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Heron-Centric: Ruminations of a Language Designer
Polymorphism without Planning
by Christopher Diggins
November 27, 2004
It is commonly assumed that in order to achieve some measure of run-time polymorphism we have to state in a class declaration that it it either implements an interface or it inherits from a base class with virtual functions. Not anymore ...


It is generally assumed that In C++ in order to achieve run-time polymorphic behaviour, we have to inherit from a base class with virtual functions. Java, and other languages also provide us with interfaces, but the classes have to explicitly state their intention to implement the interface.

This is a misconception that a lot of people understandably have when they first hear about the C++ Object Oriented Template Library ( OOTL ). In the September 2004 issue of the C/C++ Users Journal I outline a technique in C++ for implementing interface reference types without requrining changes to existing objects. This technique is used in the upcoming Boost Interfaces Library (BIL) by Jonathan Turkanis. The BIL is not yet ready for a public beta release, but a pre-release version has been included with the OOTL version 0.1.

Given two existing class such as:

  class Faz {
    int Fu() { return 1; }
    void Bar(int x) { printf("faz %d\n", x); }

  class Baz {
    int Fu() { return 2; }
    void Bar(int x) { printf("baz %d\n", x); }
The BIL can then be used to express an interface after these classes have been defined elsewhere as follows:
    BOOST_IDL_FN0(Fu, int)
    BOOST_IDL_FN1(Bar, void, (int, x))
You will have to put the blame for the ugly syntax squarely on the shoulders of the C++ design committee, not Jonathan. C++0x will surely enable improved syntax, especially if Jonathan or myself have anything to say about it ( in fact I would like to see interface references gain first class status ). The BOOST_ prefix, is a requirement for consideration in Boost, which clearly is the eventual goal of the BIL.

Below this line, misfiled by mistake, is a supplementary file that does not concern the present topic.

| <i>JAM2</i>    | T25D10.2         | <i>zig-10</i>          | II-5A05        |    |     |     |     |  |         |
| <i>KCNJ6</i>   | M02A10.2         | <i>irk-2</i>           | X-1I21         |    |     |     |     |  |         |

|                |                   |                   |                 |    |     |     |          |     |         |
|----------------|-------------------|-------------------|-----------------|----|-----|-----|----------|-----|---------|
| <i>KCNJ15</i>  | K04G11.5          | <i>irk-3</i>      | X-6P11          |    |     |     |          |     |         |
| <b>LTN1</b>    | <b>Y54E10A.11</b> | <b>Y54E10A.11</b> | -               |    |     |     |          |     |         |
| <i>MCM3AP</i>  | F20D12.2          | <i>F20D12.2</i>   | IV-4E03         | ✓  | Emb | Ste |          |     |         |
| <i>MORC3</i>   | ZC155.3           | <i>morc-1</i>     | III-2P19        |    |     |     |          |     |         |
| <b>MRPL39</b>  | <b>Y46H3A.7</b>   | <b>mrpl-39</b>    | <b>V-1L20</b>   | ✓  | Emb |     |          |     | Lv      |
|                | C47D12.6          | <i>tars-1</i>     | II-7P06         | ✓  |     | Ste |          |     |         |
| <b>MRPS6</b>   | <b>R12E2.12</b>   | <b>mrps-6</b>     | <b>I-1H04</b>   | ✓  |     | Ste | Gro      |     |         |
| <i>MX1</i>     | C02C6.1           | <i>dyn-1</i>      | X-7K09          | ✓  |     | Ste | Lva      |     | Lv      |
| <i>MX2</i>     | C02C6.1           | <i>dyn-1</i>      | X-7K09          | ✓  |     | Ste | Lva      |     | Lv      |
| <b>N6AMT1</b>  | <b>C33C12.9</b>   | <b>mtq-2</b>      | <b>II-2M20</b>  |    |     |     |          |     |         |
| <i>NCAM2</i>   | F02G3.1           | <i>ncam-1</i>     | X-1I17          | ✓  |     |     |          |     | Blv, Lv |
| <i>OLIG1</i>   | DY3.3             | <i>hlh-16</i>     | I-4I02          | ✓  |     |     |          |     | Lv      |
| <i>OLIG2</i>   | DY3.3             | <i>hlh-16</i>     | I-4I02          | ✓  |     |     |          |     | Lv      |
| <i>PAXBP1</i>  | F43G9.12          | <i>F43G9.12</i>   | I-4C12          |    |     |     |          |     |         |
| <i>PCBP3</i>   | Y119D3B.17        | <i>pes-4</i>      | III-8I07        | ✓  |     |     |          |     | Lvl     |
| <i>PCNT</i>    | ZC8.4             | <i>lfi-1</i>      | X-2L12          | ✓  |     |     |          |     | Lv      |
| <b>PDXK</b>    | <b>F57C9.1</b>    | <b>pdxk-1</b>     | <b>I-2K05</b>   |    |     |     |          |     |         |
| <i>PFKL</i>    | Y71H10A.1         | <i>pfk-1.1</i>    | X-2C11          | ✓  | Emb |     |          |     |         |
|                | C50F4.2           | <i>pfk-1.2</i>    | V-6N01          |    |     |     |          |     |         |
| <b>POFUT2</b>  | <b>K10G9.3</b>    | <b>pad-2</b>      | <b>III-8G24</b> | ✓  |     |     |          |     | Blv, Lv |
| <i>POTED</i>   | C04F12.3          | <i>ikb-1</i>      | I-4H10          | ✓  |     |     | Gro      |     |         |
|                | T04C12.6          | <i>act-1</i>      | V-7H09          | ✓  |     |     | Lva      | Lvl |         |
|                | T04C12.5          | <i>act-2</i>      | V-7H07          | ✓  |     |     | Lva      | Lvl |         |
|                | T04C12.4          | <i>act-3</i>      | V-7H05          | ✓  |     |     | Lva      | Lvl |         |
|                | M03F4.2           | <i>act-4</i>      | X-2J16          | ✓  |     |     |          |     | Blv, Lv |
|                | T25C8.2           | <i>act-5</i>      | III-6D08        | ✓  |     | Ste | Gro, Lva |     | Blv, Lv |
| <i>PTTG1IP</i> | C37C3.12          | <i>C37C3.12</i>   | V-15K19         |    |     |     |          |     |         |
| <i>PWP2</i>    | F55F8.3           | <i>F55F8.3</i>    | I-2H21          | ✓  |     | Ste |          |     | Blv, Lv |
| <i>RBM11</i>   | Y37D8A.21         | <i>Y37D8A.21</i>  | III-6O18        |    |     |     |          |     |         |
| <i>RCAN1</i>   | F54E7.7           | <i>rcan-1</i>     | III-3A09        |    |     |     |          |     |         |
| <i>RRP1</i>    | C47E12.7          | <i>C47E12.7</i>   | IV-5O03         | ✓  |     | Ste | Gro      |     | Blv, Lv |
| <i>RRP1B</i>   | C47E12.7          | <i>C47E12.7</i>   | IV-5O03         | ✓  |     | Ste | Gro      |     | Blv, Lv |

Once we define this interface, after the fact, we can use it to make Faz and Baz, polymorphic. Consider the following:

  int main{
    faz f;
    baz b;  
    IFuBar i;
    if ((rnd() % 2) == 0) {
      i = f;
    } else {
      i = b;
This code snippet prints out either faz 1 or baz 2.

And that's all I have to say about that.

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About the Blogger

Christopher Diggins is a software developer and freelance writer. Christopher loves programming, but is eternally frustrated by the shortcomings of modern programming languages. As would any reasonable person in his shoes, he decided to quit his day job to write his own ( ). Christopher is the co-author of the C++ Cookbook from O'Reilly. Christopher can be reached through his home page at

This weblog entry is Copyright © 2004 Christopher Diggins. All rights reserved.

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